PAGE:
The Pathways to Further Education programme aims to raise awareness of FE teaching as a career option amongst final year undergraduates and post-graduates with relevant industry experience, bringing skilled individuals into the sector.
Westminster Kingsway College’s recent participation in the programme provides further evidence of its value, as Julie Sinclair, the College’s Associate Director of Teaching, Learning and Innovation, explains:
Our experience of the Pathways programme has been really positive. We worked with four graduates from the University of West London and every one of them was enthusiastic and motivated.
It was clear that all of them were keen to find out what teaching in FE would be like following their careers and study in a diverse range of fields including healthcare, law and human resources.
We were particularly struck by just how keen they were to engage with teachers and students from outside their own subject areas, including in performing arts, English for speakers of other languages and special learning difficulties and disabilities.
Because the participants brought with them a range of experiences in terms of their previous careers and experience of study, we wanted to understand the preconceptions each held about FE and help them find out more about what it is actually like.
They received safeguarding training and were given the opportunity to observe a variety of classes across our sites at Kings Cross and Victoria that illustrated the different levels and teaching styles our staff employ.
When asked for their impressions, they pointed to things including the age group of the students, the wide range of subjects on offer to learners, and the very interactive and personal teaching they saw delivered.
Skills for teaching in FE
We also wanted them to gain an appreciation of some of the skills that can be used in FE teaching, so we provided some one-to-one training on lesson planning and introduced them to some ideas about how digital technology can be used to enhance learning.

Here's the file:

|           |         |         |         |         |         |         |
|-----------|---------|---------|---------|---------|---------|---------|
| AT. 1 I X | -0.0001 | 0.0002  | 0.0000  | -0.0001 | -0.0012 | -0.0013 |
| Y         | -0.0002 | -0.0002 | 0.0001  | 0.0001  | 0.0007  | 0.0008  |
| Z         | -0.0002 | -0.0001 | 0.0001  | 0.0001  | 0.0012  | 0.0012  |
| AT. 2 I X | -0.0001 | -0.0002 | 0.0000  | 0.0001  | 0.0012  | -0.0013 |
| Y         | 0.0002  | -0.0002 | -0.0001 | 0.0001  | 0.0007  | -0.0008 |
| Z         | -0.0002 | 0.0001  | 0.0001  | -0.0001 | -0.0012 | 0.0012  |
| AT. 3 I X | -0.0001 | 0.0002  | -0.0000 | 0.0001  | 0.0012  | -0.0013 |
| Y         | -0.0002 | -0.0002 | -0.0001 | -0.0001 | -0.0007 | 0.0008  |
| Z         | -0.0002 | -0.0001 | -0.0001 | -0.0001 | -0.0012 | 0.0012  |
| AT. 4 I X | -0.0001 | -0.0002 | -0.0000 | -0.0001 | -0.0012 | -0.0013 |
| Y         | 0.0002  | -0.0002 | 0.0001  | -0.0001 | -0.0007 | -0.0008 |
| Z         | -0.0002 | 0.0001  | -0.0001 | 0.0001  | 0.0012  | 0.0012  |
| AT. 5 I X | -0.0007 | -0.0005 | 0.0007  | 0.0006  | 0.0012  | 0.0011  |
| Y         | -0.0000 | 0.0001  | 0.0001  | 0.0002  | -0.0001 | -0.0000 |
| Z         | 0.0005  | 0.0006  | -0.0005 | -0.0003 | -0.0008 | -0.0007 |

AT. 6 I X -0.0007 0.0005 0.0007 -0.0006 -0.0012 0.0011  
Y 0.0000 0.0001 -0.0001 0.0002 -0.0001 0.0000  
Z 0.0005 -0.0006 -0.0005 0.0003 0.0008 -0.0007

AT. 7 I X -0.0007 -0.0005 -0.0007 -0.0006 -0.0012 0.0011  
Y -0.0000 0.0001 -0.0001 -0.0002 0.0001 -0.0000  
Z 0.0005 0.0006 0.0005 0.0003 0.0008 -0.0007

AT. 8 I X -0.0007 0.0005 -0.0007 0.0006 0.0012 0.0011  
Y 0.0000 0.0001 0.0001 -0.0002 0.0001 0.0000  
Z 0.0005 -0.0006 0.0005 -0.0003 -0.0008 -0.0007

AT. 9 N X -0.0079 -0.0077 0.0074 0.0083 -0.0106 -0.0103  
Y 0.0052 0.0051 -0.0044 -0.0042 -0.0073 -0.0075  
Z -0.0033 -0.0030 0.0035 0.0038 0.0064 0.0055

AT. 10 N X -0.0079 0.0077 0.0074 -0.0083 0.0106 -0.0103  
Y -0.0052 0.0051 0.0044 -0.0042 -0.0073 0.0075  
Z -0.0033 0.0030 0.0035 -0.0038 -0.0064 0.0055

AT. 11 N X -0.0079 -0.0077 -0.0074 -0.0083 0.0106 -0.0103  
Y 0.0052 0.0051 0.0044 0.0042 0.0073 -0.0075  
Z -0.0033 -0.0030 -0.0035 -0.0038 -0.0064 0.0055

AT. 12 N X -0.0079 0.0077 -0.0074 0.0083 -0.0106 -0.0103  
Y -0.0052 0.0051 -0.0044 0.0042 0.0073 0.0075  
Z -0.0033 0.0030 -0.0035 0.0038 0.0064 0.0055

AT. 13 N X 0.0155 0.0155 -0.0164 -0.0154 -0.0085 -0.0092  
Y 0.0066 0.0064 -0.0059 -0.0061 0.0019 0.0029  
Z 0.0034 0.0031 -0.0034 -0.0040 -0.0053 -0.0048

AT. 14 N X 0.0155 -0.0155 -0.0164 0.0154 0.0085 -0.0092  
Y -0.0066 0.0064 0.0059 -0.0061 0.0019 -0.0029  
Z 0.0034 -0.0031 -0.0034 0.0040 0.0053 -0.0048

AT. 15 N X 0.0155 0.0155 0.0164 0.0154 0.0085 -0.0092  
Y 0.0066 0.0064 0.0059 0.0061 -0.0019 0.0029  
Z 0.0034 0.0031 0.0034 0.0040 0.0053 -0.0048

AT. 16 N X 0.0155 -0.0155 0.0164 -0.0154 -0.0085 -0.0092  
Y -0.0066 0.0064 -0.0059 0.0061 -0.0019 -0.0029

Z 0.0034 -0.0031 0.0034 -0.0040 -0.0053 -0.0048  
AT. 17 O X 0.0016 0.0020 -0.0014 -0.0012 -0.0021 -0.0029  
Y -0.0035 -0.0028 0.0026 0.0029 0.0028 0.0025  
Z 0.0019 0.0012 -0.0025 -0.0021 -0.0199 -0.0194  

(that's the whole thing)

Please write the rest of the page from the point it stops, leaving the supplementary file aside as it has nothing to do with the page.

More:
As a result, the graduates delivered a ten-minute micro-teach and received feedback from a teaching and learning coach. Supporting them in learning how to plan and deliver a short lesson was very rewarding.
It also proved mutually beneficial, as a member of the group who had an MSc in Digital Marketing focused their micro-teach on how a college can use Instagram effectively.
It was clear that the participants had derived a great deal from the experience and that they considered it a positive, worthwhile and illuminating time.
Reflecting on how it had benefitted them, they talked not just about the practical skills they had acquired, but also the confidence they had gained as a result of observing – and being involved in – teaching.
The variety in how teaching is delivered and the resources that are employed across different subject areas were also remarked on, with participants commenting that they had gained a good overall picture of FE.
It was also a success from the college’s – and indeed the wider profession’s – point of view. At the conclusion of the programme, two of the graduates were sure they wanted to pursue a teaching career in FE and the other two were considering it.
As mature graduates with valuable industry experience, any of the four would be an asset in FE and we will be keeping in touch with them.
Julie Sinclair, Associate Director of Teaching, Learning and Innovation, Westminster Kingsway College
You can find out more about the programme on the Pathways to Further Education webpage.